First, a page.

Is Email Obsolete?
Maybe it’s time to accept that email just wasn’t designed to do all the things we try to get it to do. Like manage projects and files, share documents or (groan) schedule meetings. It’s not just that it’s considered “old-fashioned,” but with so many other options for collaboration and communication, email may soon be obsolete. Just ask your teenager to check his email and see what the response is!
At ABA TECHSHOW 2013, I heard variations on this theme in New York Times columnist David Pogue’s keynote and at the “Mobile Collaboration” session presented by Dennis Kennedy and Patrick Crowley. “Email may not be dead, but it’s in trouble,” says Kennedy, a well-known technology lawyer and author.
So why do we keep trying to fix email by changing behaviors and adding features? (Zero inbox? Folders, flags and tags? Seriously?) Maybe we need to give up the ghost, stop relying on email for everything and investigate a few alternatives.
- Texting and instant messaging. A lot of email is logistical. “Are you there?” “Can we talk?” “Remember your court date tomorrow.” Why not send appointment reminders via text, or send an IM as a precursor to a more in-depth phone call or meeting? If you practice criminal law like Crowley, your clients may not even have a computer or a phone that’s capable of receiving emails. Do texts or IMs seem unprofessional for your particular practice? Then at least consider an app like MeetingsWizard to shortcut those frustrating rounds of “scheduling” emails.
- Social media. Once you know which networks your people can be found on, you can replace email with direct messages in Twitter, Facebook and LinkedIn. In both Facebook and Google+ green icons show when friends or circle buddies are online and available. Beyond that, Facebook’s new Messenger for Mobile app points to the rise of “messenging” apps. How else can you deploy social media sites for collaboration? How about invitation-only LinkedIn groups? Some firms are even using Pinterest to archive and share certain types of documents.
- Online meeting rooms and VOIP. Videoconferencing and services like GoToMeeting have been around for a while, of course, and the free (or cheap) VOIP services like Skype are getting better all the time. Skype, for example, is not just for Internet phone calls. You can use it to type messages, share your screen and share documents. Some prefer Google+ Hangouts, which are free, easy (except for the rounds of email needed to schedule them across time zones) and savable. But beware the fact that Hangouts are public—meaning anyone can ask to join in. Not the best for confidential client chats.
- File-sharing services. Why send big documents or even small ones through email and face the inevitable “what format is that in?” and “oops, forgot to attach it” game? Remember the pain of sending large files via an FTP site? No more. Just drag it to Dropbox or another cloud file-sharing service. But be sure whatever service you use has the requisite security protocols in place, of course.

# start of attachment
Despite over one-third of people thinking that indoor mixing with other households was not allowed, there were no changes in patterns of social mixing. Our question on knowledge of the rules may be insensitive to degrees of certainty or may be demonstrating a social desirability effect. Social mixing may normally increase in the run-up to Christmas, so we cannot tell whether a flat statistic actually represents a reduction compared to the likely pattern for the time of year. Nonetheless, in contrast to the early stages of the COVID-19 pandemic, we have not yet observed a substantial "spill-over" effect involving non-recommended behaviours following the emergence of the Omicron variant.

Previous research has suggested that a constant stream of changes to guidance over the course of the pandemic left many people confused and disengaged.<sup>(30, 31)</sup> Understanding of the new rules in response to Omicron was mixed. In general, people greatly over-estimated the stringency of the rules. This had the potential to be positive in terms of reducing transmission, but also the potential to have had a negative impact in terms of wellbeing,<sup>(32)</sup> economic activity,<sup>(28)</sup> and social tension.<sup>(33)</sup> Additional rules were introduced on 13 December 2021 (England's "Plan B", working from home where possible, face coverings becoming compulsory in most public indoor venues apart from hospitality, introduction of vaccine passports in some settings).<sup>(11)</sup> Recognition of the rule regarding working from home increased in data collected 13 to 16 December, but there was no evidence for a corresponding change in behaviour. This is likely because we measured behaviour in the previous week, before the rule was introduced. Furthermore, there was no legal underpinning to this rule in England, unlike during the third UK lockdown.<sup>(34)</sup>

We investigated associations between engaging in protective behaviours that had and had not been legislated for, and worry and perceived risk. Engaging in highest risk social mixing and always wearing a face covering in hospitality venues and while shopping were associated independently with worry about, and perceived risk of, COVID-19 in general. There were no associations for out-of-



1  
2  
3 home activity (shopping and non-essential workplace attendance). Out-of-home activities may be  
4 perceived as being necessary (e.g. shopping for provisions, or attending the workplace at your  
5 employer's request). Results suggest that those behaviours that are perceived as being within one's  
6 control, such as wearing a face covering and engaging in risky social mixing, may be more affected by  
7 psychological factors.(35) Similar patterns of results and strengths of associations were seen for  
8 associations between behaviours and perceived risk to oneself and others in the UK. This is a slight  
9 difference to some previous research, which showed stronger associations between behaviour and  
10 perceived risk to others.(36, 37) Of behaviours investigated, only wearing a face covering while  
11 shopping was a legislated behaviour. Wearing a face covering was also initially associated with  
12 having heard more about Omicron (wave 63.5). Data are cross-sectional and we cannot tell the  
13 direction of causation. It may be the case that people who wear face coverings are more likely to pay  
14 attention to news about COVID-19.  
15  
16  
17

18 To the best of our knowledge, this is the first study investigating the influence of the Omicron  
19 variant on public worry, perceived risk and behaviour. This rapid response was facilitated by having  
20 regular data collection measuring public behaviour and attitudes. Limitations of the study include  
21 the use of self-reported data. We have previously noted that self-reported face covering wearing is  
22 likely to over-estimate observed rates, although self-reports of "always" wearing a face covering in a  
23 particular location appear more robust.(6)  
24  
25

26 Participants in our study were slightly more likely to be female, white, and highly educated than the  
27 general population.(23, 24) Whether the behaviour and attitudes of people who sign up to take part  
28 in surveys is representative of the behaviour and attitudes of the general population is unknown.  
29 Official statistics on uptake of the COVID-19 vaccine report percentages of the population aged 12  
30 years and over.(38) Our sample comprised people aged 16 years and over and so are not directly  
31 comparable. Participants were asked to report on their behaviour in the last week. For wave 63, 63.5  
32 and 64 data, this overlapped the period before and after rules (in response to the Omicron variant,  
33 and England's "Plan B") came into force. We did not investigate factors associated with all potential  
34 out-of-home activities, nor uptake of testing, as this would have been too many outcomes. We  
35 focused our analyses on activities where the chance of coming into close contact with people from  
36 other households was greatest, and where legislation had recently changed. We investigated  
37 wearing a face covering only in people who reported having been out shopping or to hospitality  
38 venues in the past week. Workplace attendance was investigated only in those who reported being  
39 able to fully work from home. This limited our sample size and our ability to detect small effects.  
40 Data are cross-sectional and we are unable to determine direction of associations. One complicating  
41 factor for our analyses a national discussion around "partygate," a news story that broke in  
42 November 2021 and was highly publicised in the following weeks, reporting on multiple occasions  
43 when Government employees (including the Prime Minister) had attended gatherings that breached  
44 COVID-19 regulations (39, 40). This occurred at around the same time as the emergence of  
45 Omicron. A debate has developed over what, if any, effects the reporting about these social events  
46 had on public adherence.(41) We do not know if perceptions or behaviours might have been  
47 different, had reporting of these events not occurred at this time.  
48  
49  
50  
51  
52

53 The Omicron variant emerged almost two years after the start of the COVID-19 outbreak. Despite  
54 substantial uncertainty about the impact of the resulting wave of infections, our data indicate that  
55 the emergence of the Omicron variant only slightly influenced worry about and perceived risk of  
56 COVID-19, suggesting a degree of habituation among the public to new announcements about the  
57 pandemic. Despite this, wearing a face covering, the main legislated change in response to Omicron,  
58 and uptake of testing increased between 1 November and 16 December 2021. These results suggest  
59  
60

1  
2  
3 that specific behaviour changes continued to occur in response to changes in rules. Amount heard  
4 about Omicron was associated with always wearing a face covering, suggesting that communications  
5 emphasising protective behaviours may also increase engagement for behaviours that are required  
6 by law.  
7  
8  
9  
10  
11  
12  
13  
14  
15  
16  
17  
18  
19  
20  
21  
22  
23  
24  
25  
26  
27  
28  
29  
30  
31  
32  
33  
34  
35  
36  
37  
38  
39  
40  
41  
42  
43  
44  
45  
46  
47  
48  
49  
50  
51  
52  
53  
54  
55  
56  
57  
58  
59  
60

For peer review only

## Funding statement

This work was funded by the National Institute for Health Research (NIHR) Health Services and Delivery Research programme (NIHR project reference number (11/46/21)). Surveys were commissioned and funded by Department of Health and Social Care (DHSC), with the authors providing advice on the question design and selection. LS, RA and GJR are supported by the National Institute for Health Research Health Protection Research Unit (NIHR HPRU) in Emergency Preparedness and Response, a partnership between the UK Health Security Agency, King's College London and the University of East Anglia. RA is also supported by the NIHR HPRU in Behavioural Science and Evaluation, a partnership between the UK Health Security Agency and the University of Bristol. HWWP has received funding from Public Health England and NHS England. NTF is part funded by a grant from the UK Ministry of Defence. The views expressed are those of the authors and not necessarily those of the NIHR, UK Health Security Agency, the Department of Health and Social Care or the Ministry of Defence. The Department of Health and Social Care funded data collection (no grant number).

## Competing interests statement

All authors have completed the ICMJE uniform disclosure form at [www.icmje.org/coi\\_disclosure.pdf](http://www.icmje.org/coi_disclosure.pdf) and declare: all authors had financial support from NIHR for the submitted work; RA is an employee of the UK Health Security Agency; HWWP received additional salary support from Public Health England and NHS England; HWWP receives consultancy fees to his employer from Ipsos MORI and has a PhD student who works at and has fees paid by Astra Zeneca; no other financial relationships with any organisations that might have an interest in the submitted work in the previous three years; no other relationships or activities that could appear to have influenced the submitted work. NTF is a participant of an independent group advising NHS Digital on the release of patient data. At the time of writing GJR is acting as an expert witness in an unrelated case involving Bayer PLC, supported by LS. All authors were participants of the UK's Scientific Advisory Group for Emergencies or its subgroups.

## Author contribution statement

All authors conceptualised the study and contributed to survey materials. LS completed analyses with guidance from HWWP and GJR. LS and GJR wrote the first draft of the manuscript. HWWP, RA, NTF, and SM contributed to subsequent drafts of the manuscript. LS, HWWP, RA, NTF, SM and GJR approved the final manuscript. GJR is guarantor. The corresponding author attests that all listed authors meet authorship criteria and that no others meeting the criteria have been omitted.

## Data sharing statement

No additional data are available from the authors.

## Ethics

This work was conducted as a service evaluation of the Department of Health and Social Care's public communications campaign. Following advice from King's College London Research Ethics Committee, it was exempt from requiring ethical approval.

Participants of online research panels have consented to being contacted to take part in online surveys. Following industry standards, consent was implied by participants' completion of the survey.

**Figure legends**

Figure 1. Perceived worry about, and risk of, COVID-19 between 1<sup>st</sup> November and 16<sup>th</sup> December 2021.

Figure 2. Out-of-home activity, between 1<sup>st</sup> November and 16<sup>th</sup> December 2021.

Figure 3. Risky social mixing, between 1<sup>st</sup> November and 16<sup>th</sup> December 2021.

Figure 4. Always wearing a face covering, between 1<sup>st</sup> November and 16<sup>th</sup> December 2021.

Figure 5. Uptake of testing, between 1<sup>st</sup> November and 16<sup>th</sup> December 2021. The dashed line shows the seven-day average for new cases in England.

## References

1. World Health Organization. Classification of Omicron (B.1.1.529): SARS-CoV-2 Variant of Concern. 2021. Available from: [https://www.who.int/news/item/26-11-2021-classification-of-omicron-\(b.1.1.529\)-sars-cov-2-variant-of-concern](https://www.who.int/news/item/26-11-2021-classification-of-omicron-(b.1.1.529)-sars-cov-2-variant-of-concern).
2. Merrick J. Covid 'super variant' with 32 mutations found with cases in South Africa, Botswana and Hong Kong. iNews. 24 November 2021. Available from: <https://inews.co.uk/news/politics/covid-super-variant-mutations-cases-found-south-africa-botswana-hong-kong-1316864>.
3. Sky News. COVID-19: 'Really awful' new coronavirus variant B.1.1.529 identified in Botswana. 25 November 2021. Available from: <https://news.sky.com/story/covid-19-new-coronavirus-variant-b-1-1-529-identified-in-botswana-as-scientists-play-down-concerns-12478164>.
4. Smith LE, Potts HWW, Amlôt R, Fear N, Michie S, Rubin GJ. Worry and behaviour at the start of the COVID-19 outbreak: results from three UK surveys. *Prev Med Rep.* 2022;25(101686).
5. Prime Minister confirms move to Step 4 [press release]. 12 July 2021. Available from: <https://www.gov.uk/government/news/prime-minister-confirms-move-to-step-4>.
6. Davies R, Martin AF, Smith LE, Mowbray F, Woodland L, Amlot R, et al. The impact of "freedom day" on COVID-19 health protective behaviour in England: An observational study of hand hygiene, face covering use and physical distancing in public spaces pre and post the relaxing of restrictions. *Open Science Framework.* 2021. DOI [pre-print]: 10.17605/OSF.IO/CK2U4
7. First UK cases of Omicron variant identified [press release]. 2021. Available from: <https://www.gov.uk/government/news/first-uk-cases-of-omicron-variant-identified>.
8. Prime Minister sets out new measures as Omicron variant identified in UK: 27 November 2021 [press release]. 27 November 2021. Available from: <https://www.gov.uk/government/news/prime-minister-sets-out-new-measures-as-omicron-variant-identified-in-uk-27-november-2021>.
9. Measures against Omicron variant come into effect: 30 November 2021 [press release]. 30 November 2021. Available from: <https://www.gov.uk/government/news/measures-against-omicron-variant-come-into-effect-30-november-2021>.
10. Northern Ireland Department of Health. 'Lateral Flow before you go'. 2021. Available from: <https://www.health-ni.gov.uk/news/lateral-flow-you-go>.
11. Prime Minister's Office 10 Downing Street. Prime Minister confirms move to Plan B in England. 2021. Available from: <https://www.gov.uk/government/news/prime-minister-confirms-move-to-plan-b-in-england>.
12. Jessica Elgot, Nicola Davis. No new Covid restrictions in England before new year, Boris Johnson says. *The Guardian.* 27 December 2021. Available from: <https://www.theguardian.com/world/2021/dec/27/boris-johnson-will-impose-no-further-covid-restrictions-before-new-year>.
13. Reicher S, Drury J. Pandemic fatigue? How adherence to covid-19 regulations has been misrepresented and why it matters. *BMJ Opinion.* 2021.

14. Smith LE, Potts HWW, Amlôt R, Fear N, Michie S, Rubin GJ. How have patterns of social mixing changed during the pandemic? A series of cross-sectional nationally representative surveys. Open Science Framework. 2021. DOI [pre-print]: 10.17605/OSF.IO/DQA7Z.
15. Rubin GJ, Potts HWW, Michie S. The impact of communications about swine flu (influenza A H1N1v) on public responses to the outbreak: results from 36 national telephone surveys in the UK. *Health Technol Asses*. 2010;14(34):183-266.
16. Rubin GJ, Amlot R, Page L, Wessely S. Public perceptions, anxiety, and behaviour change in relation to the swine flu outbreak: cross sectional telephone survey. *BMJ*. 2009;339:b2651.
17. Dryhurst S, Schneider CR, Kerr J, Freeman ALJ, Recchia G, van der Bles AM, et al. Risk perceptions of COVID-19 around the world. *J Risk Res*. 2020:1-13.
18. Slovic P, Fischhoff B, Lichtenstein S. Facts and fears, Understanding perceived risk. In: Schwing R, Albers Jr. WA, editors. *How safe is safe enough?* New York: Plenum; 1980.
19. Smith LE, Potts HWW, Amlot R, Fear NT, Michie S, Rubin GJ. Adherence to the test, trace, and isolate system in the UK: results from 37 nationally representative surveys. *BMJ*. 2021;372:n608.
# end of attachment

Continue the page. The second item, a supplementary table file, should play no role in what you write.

- Project managers. From Google Docs and Evernote to more robust services like Asana and Trello, project managers not only help you organize the moving parts of projects and conversations, brainstorm, and share documents and calendars, they help you delegate and manage others, too.
Cut Down on the Complications
The fear with all these new tools and services is randomly adding more things you’ll need to check each day—multiplying instead of reducing the time suck. Most of us already try to track too many things. Kennedy advises conducting a “communications audit” to assess how you currently work with people, and the various tools you are using—on the road, in court, when brainstorming, with clients and so on.
Be sure to ask clients for their preferred method of communication. You might be surprised. What are their pain points? What exactly can you move away from email? Then, with those things in mind, think about ways to pare down and avoid creating more “silos.” Look at combining tools instead, so you can limit the number of places you have to go each day.
The goal, in addition to rethinking email, is to find a suite of tools that make sense for the way you communicate now—and do the work to get comfortable using them.
You might just find a whole lot more time and a lot less stress in your day.
(Still, if email is in so much trouble, why do Facebook and LinkedIn keep emailing me reminders to check my pages … ?)
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